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New Zealand greater short-tailed bat

Mystacina robusta


The New Zealand greater short-tailed bat is the largest of New Zealand’s three remaining bat species. It remains enigmatic; with no confirmed sightings of the species since 1967.

They are in the family Mystacinidae, which contains only one genus, Mystacinidae, with only one other species; the lesser short-tailed bat. Like its only close relative, the lesser short-tailed bat, it spends an unusually large proportion of its time on the ground, making it vulnerable to introduced predators such as rats. It disappeared from New Zealand’s North and South islands following European arrival some 200 years ago. It was then restricted to small predator-free islands such as Big South Cape and Solomon Islands until rats were accidentally introduced in 1963.

  • Order: Chiroptera
  • Family: Mystacinidae
  • Population: <50
  • Trend: decreasing
  • Size: 90mm

EDGE Score

EDGE Score: 3.45 (?)
ED Score: 12.62 (?)
GE / IUCN Red List (?)
Not Evaluated Data Deficient Least Concern Near Threatened Vulnerable Endangered Critically Endangered Extinct in the Wild Extinct


Endemic to New Zealand, formerly found throughout the North and South Islands prior to European colonisation. There have been no confirmed sightings since 1967, though its last recorded populations were found on Big South Cape Island, and other small islands near Stewart Island.

Habitat and Ecology

Very little is known about the New Zealand greater short-tailed bats’ habitat preferences and ecology. They likely roosted in limestone caves, and it may have also roosted in tree cavities. They are thought to feed on invertebrates in the air, and in the leaf litter, but also pollen, nectar and fruit.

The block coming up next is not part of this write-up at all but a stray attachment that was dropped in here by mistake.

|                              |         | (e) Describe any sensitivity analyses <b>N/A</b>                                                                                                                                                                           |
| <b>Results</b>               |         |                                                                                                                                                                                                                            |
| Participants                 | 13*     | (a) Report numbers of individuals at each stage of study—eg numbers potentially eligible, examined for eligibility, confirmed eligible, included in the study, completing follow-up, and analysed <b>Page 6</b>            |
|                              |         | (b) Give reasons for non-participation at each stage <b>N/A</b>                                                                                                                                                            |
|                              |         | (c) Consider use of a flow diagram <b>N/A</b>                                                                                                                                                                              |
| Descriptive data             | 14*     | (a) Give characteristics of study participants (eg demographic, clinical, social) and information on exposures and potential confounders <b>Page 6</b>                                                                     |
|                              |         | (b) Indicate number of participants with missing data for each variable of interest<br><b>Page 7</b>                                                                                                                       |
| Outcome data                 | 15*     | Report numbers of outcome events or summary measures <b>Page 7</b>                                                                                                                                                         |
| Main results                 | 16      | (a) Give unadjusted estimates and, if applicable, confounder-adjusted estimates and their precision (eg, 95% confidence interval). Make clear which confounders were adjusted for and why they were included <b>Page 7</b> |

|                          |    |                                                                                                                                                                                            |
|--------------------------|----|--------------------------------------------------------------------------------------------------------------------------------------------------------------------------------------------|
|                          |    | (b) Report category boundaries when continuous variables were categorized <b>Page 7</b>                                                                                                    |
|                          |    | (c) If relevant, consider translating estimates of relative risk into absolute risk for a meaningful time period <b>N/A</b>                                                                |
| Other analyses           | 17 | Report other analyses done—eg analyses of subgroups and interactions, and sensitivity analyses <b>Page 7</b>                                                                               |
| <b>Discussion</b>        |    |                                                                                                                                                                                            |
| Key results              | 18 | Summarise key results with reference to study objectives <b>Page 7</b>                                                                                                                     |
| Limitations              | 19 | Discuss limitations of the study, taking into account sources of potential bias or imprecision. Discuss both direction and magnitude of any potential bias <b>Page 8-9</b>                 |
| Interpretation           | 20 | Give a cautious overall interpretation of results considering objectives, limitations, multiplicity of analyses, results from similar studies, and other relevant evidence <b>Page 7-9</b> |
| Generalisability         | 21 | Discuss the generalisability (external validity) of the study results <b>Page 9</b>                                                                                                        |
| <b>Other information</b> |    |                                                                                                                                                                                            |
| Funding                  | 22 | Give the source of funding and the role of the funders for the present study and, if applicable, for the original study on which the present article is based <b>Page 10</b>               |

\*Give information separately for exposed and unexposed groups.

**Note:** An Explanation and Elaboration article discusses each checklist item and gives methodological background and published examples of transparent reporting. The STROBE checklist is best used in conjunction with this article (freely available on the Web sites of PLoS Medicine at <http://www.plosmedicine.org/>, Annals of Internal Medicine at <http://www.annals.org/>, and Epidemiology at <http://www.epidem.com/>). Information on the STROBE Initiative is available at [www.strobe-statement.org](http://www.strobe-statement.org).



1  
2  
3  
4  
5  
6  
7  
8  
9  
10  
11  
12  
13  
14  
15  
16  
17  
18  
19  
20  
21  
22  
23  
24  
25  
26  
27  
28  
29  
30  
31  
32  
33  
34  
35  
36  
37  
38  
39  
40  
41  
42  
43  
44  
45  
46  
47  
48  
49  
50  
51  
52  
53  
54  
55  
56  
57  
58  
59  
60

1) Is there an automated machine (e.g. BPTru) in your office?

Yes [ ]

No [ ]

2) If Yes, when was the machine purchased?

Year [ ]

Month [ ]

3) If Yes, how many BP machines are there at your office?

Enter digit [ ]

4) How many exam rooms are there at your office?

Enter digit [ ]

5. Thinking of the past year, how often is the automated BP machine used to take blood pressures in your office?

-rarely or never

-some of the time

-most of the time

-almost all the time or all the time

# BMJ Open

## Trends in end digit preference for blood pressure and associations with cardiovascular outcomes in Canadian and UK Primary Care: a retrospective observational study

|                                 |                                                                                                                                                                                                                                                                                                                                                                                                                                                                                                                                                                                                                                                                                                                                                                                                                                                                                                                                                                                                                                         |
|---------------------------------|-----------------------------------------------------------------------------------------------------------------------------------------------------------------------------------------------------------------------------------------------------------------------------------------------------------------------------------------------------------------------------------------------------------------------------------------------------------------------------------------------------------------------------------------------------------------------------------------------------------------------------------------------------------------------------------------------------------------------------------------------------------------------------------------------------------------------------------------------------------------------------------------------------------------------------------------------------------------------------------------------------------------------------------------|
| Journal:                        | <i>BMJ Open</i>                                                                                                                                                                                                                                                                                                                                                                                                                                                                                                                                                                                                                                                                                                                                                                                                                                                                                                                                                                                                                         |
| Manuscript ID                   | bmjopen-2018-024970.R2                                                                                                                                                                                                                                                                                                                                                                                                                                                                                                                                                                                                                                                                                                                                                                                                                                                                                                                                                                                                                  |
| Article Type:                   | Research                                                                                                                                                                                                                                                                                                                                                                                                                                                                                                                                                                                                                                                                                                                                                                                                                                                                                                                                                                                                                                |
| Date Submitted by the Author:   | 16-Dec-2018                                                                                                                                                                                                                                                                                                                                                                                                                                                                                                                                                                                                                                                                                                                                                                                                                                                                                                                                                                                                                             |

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Conservation Actions

For each key category of conservation action, we calculated a conservation attention score based on expert information. In this graph, a higher score means the action is being carried out more intensively over more of the species range. The colour shows how important each action is considered to be for the conservation of this species.

Engaging stakeholders
Addressing threats
Status of knowledge
Management plan
Capacity building
Behaviour change
Awareness raising
  Score: 100 means the activity occurs at high level across more than 75% of the species range
Very Low

Overall Conservation Attention

We combined all of the expert information on conservation actions to calculate an overall conservation attention score for this species. Please help us to reach our goal of establishing dedicated conservation attention at “High” levels for all EDGE species.

Very Low Low Medium High

More information

Recent studies have grouped all possible conservation activities for any species into nine key categories (Washington et. al 2015). For each action, we asked experts for each species to assess the extent to which that action is being carried out and how much of the species’ range that action occurs in. For each action we used these two pieces of information to calculate the conservation attention score per action. A score of 100 means that the action is being carried out to a high level across at least 75% of the species range. We then combined the scores for all actions into an overall conservation attention score for the species. The experts also judged how important each category was to the conservation of that particular species.

This wordcloud illustrates the threats facing this species. The size of each word indicates the extent of a species range that is affected by that threat (larger size means a greater area is affected). The colour of the word indicates how much that threat impacts the species (darker shades of red mean the threat is more severe).

Invasive species

Threat wordcloud key:

Small area affected
Large area affected
Least severe
Most severe
Severity unknown
Source: The IUCN List of Threatened Species. Version 2017.1.
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